Real Estate and Life in Colorado and Beyond

Generation Gap? Boomers Prepare Their Final ‘F You’

A comedian named Tim Dillon has made some cynical and very funny comments about real estate.   He’s been on TikTok criticizing baby boomers who, he says, have distorted the market and wreaked havoc for younger generations of Americans.

“Boomers will not sell their houses for anything under a 1.6 million dollar profit,” he says. The TikTok clip is pulled from a Joe Rogan podcast.

“They like to tell you how cheap the house was when they bought it.  Every Thanksgiving or Christmas someone will go, I picked this up for 200 grand and now it’s worth one-eight.”

As in $1,800,000.

Dillion relocated from Austin to Los Angeles—both high-priced real estate markets and not much different from Denver.

His $1.6 million capital gains claim is plausible in all three cities.  A long-time homeowner in Denver’s Wash Park neighborhood, for example, may have seen 10x appreciation or more.

Cities vary and the exact figures aren’t important. What’s interesting is the comedian’s unadmiring view of baby boomers, which seems to be shared by lots of frustrated would-be homebuyers of millennial age and younger.

More broadly, their complaint is that boomers have milked the economy for all it’s worth, loaded it up with public debt, and ruined the environment along the way as they now prepare to check out.  Just read the 1,000-plus comments on the above post.

Dillon also says:

  • “Millennials are sitting there saddled with student loan debt.” Meanwhile the smug parents like to broadcast their good fortune. They enjoy “lording it over” their offspring.
  • “Instead of selling their houses for—I don’t know, a $900,000 profit—they just won’t
    put them on the market.”  That aggravates the problem of scarcity of good properties.
  • “It’s their last ‘F you’ before they leave the planet.” (He uses the actual F word.)

Name Your Price

I came across Tim Dillon by way of another TikTok commentator named David Greene.  Greene is a serious real estate guy, a successful broker in the Bay area, and the author of several books.

He wonders, does the comedian think sellers can simply “name their price” without regard for market value?

I’ve encountered folks like that.  One man told me he planned to list his home for $600,000.  I asked how he arrived at that figure.

“Well, the mortgage payoff will cost me around three-hundred,” he said. “I need $40,000 for my student loans.  My mom needs hip surgery and then we’re planning a long trip.”

There was no mention of comparable sales or market value.

Dillon has been critical of Wall Street investors such as the Black Rock Group. That firm’s prolific purchasing of properties has been blamed for the shortage of homes and the high prices.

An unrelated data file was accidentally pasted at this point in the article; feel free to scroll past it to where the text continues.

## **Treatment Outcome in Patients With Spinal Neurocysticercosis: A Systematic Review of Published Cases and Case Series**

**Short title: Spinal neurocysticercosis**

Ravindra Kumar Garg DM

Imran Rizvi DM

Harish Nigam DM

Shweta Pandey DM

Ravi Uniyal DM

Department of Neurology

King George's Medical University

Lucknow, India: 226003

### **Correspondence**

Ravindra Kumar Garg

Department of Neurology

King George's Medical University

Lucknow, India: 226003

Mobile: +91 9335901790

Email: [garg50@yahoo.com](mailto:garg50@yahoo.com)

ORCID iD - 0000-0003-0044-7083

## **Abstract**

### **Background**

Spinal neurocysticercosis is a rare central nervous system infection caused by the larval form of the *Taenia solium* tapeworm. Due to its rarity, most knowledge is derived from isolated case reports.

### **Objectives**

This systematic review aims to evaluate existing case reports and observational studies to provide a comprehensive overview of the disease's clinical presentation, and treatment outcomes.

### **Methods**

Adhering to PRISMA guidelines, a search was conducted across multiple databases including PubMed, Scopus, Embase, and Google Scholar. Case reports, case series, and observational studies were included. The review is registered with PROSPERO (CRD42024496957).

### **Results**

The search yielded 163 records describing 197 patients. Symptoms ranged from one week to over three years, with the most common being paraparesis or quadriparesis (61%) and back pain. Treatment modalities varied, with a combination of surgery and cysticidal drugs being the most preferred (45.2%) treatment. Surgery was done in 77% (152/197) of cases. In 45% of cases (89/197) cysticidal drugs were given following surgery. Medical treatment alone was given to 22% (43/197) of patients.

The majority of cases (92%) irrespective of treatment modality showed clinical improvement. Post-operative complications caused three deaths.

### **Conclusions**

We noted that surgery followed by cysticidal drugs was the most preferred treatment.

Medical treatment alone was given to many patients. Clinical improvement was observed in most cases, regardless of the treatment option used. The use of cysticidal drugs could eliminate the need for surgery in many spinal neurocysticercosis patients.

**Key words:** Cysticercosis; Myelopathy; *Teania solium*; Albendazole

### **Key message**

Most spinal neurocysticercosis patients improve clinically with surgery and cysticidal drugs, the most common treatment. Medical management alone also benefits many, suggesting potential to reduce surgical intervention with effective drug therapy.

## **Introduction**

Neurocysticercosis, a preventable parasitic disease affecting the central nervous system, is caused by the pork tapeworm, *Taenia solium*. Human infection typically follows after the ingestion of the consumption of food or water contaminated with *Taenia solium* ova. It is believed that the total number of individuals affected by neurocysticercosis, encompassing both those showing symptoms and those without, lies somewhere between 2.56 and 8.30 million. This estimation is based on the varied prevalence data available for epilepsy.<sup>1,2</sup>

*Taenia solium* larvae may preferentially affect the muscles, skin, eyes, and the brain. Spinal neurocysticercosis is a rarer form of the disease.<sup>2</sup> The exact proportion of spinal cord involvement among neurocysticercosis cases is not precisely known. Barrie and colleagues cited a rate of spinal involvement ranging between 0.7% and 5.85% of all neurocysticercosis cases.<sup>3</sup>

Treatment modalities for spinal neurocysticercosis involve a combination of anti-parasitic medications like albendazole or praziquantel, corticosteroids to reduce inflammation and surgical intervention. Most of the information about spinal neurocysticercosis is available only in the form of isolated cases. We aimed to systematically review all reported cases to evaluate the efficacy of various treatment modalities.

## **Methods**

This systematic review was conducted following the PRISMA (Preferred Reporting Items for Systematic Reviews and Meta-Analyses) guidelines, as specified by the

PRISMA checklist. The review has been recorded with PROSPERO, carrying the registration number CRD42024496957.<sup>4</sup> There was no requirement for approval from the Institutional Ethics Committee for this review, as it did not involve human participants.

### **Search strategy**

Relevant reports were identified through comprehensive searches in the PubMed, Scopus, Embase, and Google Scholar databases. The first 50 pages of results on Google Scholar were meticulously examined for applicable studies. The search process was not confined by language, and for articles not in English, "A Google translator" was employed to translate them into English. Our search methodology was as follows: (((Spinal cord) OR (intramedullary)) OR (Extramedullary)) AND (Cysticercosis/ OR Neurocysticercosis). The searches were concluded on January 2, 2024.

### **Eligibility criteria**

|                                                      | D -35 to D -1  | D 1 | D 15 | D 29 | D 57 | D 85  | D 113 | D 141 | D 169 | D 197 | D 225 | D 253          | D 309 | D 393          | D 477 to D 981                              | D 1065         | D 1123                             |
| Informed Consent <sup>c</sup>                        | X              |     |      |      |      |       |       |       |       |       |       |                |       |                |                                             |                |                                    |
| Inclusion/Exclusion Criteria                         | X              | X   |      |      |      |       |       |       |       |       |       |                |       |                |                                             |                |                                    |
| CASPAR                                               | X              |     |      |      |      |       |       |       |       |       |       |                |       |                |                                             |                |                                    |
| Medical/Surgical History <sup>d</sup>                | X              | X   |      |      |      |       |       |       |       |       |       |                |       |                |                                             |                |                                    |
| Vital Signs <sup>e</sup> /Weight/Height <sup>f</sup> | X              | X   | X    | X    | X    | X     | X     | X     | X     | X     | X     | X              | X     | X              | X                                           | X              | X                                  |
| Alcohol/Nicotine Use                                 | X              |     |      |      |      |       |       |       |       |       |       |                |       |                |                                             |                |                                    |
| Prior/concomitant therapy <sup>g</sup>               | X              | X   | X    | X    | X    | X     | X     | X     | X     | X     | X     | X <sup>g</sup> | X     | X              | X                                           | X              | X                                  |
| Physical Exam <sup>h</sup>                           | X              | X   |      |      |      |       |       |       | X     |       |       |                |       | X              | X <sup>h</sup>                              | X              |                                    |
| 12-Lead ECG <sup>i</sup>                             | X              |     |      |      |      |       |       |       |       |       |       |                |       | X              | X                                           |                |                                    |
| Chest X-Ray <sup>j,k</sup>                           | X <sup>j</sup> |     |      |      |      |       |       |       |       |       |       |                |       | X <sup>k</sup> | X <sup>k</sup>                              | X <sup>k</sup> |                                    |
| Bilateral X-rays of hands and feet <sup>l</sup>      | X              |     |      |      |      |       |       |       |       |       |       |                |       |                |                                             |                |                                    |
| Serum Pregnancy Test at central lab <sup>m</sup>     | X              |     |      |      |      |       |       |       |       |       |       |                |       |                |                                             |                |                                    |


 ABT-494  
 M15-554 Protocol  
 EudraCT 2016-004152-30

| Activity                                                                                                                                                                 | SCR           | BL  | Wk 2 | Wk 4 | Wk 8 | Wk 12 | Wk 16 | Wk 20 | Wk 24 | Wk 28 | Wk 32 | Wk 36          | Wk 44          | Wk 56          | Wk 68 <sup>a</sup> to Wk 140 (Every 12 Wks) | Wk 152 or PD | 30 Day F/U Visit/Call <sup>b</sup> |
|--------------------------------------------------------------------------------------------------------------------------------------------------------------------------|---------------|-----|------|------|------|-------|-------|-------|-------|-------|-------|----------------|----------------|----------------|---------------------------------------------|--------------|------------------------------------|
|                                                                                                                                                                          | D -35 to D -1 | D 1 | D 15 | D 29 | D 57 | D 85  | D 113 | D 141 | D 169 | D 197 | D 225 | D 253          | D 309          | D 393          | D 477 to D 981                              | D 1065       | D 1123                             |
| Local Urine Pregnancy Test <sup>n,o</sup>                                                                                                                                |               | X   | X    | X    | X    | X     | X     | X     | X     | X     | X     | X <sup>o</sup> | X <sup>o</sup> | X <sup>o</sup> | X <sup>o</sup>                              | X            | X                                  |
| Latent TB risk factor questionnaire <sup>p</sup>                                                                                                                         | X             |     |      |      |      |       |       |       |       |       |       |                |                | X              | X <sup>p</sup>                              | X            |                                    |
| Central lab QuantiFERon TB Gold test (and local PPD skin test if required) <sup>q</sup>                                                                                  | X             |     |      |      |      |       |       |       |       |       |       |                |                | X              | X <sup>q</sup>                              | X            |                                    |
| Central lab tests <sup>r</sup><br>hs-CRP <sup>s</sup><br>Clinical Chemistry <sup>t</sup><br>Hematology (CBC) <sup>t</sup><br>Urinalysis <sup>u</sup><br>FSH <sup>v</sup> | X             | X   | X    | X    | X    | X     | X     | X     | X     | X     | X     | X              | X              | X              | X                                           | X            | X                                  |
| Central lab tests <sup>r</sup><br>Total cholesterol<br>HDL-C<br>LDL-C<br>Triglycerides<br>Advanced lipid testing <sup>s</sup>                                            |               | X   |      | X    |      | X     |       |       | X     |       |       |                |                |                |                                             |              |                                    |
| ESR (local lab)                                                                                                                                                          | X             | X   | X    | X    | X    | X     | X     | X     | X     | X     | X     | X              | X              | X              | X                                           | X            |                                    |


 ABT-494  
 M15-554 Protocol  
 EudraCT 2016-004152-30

This notion has been disputed and, I would say, mostly debunked. Greene seems to agree with me on that.

Dillon “talks like he really understands what everyone’s motivation is,” says Greene. “It’s hilarious when I hear people who are not in real estate talk about real estate like they understand real estate.”

Does he believe it all, or is it just shtick?  To that I say, who cares. No point in dissecting social commentary from a comedian.

It is notable that he was once a mortgage broker selling subprime mortgages. He defends that practice as having “tried to help people realize the American Dream.”

Subprime lending is widely blamed for the real estate collapse of 2008.

According to Wikipedia, he is 39.  He owns a home in Austin and $4 million “estate” in the Hamptons of New York. (Which may be like a tool shed.)

I am a bluegrass banjo player, as is the comedian Steve Martin. In the 1970s, he would often proclaim that you simply CAN’T sing a sad song with banjo accompaniment. Then he’d do it.  It sounded absurd and he’d get a big laugh.

Nothing could be more untrue—you can play all sorts of depressing music with a banjo. (Here’s a brief discography to prove it.)  But I can’t even tell you how many times people have repeated that Steve Martin line to me, apparently believing it.

Comedy can be very convincing. As for a real estate-rooted generation gap, I say this:

  • Opportunities for young buyers to build wealth may indeed have diminished. But there are so many other ways to make money that baby boomers couldn’t even have imagined.  In areas including social media, online commerce, crypto, block chain, artificial intelligence…
  • Very few baby boomers wish to express a final “F you.” That’s not their motivation for hoarding homes and fending off low offers.  They’re more concerned about soaring health care costs and outliving their savings.  Their homes are their hedge.
  • Yes, their prodigious home equity correlates with high home-buying costs. Do they desire to lord it over their offspring? Probably some do. Maybe just don’t invite em to Thanksgiving dinner.

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